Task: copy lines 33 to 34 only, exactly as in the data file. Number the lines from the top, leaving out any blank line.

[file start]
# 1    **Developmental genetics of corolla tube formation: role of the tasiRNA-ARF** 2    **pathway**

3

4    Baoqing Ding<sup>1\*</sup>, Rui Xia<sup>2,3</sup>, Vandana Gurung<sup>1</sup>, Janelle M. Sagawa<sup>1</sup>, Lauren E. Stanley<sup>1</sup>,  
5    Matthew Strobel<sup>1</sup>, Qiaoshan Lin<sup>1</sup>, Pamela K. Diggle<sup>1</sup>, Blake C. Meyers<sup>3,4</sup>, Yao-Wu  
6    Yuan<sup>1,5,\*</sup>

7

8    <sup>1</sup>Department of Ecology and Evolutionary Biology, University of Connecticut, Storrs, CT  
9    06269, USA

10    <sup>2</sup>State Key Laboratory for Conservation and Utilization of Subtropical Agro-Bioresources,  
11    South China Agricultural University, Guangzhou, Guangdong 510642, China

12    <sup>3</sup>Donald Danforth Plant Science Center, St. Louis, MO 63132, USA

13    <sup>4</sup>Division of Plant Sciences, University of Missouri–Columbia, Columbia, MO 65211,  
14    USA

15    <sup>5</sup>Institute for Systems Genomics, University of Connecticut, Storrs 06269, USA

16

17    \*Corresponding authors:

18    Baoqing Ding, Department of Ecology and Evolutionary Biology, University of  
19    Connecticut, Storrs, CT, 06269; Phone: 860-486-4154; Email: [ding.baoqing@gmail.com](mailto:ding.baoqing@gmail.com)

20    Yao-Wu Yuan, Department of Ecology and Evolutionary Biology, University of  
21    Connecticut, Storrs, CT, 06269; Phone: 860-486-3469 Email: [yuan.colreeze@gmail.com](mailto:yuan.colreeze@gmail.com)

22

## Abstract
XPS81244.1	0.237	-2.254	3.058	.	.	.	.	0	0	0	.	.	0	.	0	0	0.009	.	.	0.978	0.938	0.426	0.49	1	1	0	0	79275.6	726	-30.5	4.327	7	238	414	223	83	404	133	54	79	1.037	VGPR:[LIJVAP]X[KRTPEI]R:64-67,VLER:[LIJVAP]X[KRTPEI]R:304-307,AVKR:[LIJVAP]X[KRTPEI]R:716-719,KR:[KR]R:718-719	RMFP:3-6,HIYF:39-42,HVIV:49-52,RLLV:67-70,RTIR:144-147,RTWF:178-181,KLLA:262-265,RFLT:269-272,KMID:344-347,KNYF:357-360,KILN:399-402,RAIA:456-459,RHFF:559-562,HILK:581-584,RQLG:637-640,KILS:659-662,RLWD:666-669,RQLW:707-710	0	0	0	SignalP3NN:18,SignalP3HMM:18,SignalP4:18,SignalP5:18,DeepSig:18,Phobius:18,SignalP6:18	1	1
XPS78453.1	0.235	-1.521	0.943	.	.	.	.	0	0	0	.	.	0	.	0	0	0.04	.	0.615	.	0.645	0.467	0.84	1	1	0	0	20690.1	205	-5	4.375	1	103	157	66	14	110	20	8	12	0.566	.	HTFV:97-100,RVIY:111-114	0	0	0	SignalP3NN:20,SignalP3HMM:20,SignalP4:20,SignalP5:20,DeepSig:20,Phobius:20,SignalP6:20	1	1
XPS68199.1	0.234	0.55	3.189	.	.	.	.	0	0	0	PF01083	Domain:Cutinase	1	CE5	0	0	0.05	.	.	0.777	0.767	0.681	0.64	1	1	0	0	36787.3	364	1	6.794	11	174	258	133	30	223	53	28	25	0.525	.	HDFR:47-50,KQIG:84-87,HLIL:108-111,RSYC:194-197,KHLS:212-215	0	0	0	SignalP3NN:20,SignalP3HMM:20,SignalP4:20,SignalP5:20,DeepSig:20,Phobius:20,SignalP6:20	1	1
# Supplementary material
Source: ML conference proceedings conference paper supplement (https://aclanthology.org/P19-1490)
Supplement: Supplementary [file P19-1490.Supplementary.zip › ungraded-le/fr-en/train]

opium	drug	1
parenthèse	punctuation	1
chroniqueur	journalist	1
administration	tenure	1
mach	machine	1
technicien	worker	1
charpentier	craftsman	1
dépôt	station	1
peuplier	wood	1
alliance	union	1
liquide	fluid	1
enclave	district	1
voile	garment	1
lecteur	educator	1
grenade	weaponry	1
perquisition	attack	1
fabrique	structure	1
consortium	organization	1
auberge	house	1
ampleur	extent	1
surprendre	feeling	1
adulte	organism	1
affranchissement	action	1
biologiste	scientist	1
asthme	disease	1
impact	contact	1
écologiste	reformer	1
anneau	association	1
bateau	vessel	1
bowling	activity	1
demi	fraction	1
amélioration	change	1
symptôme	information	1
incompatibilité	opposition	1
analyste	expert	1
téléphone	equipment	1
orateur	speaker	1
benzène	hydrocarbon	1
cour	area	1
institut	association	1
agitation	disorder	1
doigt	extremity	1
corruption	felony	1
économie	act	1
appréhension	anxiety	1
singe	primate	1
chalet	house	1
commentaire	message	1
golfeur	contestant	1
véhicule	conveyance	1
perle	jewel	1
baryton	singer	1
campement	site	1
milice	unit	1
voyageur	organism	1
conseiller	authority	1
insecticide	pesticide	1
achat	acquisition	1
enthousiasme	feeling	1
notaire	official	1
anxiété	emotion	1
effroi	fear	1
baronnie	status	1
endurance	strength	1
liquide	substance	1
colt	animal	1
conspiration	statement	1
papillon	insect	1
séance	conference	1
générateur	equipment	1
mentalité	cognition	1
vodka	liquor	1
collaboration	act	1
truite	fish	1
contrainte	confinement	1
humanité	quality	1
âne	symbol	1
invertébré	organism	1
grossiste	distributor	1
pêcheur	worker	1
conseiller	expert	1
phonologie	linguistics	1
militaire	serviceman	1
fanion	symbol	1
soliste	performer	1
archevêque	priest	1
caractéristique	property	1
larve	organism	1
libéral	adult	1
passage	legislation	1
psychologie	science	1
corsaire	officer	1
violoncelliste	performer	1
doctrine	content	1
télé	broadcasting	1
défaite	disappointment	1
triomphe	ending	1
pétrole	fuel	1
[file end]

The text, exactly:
mach	machine	1
technicien	worker	1